However, that still doesn't answer why the state took any interest in this particular case. Who cares if she's immature? For a lot of people, simply saying she'd rather die is a sign of immaturity. The thought of suicide terrifies a lot of people and any suggestion that death is better than life for a particular individual is a sign of a mental problem. I reject that idea.
Define "responsible medical decisions". Is that any medical decision where the daughter is not forced to remain alive at any cost?2) The mother is proving herself to be incapable of making responsible medical decisions on her daughter's behalf, per the opinion of the judges plural who have heard this case and judged it on the merits, based on the evidence in front of them.
I'm not so sure about that. I guess we'll find out once she's 18.3) Once she reaches the age of 18, she can eat shelled pistachios and drink lime flavored sparkling water and pretend that it's a natural treatment for cancer, and the state will not intervene.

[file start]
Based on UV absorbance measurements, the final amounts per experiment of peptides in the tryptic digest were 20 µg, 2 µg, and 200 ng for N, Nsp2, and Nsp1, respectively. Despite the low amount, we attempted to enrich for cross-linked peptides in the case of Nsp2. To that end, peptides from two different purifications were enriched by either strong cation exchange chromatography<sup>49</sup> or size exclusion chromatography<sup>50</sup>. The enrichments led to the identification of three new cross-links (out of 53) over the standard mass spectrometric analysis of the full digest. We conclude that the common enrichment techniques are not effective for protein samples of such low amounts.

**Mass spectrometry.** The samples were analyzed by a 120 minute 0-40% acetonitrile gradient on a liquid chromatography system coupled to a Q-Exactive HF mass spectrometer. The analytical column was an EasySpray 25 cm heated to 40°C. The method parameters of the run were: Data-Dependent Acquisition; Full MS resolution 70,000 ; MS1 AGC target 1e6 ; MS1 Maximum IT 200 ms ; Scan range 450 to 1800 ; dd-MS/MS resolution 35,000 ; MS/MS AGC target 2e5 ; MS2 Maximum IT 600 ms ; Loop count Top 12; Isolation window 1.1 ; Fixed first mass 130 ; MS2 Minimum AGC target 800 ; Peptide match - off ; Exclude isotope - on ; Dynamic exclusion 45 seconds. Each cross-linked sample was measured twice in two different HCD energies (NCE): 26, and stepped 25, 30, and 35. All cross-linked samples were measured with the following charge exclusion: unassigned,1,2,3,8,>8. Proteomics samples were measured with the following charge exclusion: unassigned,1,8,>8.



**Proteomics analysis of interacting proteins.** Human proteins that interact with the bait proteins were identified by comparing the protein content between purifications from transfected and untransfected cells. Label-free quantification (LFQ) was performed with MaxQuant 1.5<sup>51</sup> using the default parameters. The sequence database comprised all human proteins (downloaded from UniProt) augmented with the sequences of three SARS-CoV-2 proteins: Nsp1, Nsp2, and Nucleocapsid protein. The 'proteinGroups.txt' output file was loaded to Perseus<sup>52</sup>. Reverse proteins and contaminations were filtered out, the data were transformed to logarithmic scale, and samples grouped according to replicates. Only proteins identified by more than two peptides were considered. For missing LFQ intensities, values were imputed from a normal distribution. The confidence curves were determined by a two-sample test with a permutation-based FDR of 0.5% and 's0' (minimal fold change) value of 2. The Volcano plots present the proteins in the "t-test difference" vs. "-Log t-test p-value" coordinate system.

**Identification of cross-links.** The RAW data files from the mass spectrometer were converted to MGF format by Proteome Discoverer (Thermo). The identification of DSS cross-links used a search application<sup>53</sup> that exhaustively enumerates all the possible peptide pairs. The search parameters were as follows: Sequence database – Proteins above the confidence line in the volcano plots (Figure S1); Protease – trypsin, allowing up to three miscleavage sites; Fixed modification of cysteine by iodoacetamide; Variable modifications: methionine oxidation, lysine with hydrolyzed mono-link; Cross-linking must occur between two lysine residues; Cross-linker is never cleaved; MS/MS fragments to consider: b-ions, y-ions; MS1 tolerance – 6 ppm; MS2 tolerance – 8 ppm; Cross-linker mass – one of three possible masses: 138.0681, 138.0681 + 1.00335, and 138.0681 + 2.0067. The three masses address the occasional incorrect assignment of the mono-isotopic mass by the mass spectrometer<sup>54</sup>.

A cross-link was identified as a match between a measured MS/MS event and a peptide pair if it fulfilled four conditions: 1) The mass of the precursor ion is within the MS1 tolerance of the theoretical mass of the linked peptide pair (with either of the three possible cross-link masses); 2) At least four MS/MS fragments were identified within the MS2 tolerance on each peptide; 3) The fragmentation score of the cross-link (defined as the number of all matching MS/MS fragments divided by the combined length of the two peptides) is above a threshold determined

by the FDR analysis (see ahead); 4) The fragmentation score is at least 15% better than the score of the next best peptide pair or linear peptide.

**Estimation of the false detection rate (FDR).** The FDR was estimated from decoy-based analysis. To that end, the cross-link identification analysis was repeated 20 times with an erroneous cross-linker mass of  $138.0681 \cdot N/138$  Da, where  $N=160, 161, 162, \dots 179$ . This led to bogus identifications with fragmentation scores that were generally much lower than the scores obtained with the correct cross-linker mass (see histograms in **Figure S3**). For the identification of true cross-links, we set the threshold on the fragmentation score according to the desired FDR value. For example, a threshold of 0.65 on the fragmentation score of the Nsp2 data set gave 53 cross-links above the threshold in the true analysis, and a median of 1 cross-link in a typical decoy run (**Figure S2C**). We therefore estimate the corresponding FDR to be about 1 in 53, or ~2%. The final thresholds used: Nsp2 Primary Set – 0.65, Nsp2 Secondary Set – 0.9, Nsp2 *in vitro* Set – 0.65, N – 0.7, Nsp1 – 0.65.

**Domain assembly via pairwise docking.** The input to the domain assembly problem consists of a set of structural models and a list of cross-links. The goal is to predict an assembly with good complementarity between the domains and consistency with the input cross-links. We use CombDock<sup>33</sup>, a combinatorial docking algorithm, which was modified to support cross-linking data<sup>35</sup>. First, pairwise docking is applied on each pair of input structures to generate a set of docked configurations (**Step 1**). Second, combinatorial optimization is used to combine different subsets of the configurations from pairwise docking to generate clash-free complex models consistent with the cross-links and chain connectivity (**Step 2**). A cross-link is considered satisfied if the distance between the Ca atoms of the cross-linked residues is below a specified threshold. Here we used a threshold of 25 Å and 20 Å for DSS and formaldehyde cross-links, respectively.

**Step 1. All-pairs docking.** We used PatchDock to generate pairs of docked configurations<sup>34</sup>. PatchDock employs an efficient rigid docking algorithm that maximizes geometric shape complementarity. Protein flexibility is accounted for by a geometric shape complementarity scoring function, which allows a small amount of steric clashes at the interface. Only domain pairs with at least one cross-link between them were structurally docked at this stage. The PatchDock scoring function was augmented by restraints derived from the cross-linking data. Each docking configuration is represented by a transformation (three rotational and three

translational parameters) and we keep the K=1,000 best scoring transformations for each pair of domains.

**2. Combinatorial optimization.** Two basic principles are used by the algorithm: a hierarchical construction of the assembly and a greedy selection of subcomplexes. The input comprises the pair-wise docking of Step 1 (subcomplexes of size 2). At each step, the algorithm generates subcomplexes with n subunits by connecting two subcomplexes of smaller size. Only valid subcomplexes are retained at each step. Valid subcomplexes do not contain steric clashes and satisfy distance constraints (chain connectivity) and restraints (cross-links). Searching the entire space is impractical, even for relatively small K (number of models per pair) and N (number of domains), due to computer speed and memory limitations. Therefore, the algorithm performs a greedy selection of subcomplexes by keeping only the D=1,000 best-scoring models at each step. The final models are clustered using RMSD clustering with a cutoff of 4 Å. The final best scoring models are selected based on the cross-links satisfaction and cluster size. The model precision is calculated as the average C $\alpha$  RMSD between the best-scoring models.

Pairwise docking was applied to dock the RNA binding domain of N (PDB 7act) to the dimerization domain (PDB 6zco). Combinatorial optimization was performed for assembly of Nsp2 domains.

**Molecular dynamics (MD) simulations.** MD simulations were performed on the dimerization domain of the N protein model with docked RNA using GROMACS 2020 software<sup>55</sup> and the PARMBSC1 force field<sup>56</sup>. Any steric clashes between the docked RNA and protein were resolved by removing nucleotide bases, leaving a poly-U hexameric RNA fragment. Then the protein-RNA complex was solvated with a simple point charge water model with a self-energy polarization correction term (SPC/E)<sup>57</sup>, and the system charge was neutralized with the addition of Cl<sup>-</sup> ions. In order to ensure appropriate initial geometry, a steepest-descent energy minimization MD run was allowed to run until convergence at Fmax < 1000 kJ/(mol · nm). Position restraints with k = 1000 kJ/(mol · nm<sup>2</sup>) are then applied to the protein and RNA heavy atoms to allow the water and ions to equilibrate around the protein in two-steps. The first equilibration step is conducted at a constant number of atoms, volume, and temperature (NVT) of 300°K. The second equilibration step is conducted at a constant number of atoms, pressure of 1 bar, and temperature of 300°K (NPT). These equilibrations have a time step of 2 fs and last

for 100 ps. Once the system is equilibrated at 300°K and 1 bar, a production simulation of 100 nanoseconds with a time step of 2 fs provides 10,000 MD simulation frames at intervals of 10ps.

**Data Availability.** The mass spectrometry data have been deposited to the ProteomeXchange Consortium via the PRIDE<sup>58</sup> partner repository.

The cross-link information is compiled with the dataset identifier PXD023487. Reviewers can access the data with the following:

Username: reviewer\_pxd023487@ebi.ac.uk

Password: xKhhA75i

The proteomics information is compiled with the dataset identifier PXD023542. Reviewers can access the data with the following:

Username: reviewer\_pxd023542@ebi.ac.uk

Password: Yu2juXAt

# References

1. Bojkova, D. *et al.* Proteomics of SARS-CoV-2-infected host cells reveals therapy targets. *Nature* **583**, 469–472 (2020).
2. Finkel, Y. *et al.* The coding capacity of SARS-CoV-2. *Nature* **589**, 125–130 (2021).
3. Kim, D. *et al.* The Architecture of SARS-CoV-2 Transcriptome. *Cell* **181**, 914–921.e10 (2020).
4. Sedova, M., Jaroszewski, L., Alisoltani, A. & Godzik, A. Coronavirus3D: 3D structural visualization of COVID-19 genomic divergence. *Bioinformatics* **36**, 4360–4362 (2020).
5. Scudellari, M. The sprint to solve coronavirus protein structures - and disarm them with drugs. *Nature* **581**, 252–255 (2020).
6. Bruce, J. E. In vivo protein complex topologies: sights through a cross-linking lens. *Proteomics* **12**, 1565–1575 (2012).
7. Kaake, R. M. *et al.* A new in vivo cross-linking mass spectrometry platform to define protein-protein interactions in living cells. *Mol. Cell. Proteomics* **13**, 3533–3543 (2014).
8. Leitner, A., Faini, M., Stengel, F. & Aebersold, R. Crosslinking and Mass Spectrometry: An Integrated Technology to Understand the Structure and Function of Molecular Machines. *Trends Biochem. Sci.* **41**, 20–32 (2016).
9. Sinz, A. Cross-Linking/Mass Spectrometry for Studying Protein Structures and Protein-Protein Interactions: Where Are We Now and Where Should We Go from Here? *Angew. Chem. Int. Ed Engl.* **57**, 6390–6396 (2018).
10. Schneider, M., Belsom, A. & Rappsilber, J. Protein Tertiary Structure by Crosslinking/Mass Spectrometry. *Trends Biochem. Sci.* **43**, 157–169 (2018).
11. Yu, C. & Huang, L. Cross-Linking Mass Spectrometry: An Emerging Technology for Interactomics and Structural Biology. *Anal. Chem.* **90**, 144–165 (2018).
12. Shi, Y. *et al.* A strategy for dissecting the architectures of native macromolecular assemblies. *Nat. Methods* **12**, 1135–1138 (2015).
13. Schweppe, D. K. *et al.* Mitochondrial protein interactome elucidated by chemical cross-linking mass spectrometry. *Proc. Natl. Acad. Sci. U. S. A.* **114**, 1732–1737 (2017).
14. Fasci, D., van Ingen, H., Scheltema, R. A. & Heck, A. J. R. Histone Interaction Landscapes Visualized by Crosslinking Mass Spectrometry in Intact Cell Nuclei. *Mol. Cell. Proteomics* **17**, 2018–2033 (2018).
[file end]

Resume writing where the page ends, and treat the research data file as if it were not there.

Why a 17-year-old with cancer is being forced to undergo chemo against her will - Vox
3) Why would the state intervene?
DCF, acting on behalf of the state, says it's obligated to intervene in this case. It's their duty to act when a child would die if medical decisions were left up to the parent. DCF's decision is based on experts — in this case, the doctors who diagnosed and are treating Cassandra who all agree she needs the chemo. To step in, DCF had to win temporary custody of Cassandra.
"Even if the decision might result in criticism; we have an obligation to protect the life of the child when there is consensus among the medical experts," DCF said in a recent statement.